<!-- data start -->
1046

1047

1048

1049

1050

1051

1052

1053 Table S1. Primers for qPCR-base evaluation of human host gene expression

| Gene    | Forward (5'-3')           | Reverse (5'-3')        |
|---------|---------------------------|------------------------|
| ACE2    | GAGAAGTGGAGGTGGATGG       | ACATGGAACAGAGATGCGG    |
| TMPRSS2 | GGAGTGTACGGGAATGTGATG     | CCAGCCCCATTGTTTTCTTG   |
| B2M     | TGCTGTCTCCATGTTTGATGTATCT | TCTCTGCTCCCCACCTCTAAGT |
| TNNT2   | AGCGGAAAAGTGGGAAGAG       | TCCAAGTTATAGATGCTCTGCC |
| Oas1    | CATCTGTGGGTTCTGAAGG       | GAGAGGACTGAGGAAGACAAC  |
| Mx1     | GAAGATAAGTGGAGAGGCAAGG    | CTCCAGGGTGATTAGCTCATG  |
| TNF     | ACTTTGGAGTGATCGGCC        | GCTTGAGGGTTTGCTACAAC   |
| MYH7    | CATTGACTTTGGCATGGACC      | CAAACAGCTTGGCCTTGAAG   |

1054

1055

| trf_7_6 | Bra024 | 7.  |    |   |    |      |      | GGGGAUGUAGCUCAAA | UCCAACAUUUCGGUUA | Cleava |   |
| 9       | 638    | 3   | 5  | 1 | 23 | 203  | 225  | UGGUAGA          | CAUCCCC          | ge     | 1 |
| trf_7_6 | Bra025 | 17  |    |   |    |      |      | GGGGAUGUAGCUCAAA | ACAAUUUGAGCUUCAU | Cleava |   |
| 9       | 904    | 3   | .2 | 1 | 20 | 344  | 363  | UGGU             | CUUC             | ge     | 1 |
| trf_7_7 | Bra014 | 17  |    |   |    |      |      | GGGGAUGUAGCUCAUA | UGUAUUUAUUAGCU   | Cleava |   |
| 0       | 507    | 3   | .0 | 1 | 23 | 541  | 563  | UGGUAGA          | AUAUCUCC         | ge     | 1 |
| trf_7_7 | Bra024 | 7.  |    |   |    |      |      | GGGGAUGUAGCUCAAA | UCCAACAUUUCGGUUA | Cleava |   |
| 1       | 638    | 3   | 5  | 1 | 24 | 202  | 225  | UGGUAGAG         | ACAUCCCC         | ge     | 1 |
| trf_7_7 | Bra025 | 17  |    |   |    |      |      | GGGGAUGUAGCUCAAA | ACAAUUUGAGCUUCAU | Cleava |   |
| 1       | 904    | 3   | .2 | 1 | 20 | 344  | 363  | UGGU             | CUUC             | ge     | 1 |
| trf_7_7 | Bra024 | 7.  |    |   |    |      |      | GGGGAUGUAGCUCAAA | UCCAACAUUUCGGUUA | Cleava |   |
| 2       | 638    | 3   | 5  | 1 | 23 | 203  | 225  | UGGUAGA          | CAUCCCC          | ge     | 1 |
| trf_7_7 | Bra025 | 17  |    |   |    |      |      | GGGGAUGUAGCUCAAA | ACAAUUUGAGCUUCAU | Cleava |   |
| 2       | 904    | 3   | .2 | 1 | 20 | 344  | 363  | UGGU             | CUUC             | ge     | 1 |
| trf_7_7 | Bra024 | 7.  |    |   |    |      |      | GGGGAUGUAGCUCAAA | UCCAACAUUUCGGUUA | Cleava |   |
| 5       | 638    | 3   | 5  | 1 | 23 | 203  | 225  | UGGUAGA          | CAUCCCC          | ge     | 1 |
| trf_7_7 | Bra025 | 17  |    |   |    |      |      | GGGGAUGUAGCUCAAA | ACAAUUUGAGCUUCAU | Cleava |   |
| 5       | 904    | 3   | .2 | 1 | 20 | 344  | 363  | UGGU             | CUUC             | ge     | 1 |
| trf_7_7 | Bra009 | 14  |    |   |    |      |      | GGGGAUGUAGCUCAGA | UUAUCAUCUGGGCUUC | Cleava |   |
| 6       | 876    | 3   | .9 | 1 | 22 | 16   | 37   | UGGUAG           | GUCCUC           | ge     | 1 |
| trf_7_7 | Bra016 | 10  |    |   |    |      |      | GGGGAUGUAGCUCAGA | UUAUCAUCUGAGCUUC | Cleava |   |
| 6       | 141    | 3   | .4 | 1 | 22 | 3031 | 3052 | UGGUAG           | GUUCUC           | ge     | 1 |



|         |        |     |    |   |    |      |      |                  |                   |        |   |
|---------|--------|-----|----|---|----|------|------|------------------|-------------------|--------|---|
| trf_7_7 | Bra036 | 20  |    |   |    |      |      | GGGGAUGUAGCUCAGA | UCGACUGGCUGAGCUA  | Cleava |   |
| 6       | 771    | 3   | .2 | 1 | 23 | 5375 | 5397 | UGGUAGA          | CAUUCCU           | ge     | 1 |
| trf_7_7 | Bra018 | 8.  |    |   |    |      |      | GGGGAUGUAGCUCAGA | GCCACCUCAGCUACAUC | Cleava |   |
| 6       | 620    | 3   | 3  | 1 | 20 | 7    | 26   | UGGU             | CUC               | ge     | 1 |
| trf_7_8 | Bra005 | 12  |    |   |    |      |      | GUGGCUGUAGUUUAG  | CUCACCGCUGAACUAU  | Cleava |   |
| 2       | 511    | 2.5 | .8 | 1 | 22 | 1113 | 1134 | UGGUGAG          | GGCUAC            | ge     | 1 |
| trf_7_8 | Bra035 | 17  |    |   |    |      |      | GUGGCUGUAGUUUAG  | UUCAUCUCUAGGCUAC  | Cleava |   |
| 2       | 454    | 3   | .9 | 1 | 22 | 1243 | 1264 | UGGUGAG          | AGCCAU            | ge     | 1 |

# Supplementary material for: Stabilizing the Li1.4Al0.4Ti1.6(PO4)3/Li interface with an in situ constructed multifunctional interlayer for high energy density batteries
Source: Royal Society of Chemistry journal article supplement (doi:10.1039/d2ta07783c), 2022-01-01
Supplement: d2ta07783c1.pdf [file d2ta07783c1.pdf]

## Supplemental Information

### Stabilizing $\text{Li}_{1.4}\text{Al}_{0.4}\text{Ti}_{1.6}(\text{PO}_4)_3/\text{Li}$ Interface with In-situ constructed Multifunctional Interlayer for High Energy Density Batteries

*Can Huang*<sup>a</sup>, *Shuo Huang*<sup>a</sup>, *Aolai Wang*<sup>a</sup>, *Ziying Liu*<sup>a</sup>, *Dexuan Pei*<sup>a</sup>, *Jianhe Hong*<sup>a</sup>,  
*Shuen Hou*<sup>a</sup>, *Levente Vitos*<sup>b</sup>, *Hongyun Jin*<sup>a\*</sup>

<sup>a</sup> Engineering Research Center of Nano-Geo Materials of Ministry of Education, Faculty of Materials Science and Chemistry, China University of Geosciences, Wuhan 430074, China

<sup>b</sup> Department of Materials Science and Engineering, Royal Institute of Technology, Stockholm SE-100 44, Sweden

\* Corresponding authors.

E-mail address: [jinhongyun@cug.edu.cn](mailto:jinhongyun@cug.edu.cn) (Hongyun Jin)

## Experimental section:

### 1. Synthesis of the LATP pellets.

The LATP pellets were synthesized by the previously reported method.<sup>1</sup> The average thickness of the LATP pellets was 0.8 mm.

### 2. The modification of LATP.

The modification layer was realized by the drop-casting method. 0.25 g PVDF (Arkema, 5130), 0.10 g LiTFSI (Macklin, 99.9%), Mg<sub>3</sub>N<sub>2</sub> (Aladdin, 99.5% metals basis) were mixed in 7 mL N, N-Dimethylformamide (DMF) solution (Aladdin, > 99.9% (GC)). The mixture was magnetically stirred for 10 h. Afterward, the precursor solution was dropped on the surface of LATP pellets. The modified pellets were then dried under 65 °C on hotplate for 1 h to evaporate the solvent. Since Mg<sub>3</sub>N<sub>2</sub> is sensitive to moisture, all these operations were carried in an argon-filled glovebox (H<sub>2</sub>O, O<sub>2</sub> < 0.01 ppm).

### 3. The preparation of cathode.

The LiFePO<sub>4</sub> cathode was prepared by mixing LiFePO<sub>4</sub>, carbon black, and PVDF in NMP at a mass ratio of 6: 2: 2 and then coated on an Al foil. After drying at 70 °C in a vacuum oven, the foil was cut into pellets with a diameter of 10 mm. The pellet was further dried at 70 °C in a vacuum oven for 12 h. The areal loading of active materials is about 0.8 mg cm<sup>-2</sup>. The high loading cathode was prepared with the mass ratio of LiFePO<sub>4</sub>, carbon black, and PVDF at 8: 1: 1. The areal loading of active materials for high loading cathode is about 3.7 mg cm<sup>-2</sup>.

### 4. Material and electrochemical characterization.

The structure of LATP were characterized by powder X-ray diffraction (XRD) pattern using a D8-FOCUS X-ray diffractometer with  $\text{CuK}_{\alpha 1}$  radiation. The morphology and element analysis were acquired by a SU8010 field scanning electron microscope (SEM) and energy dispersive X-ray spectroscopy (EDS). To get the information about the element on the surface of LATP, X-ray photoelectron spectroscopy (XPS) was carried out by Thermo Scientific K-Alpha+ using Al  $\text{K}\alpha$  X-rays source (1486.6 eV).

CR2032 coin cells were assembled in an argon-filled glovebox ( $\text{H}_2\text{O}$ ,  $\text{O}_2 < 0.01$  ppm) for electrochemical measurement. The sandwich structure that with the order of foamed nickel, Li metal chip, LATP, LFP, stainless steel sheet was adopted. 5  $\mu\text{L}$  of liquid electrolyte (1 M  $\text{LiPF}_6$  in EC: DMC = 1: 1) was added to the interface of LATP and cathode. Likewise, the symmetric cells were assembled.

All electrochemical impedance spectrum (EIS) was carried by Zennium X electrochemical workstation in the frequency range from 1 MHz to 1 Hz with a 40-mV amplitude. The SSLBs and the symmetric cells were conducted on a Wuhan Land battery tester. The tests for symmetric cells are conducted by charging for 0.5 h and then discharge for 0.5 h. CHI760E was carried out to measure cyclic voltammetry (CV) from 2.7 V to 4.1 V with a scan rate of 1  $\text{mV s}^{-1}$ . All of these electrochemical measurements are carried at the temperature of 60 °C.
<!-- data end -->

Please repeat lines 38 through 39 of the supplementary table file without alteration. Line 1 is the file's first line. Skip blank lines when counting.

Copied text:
| 5       | 904    | 3   | .2 | 1 | 20 | 344  | 363  | UGGU             | CUUC             | ge     | 1 |
| trf_7_7 | Bra009 | 14  |    |   |    |      |      | GGGGAUGUAGCUCAGA | UUAUCAUCUGGGCUUC | Cleava |   |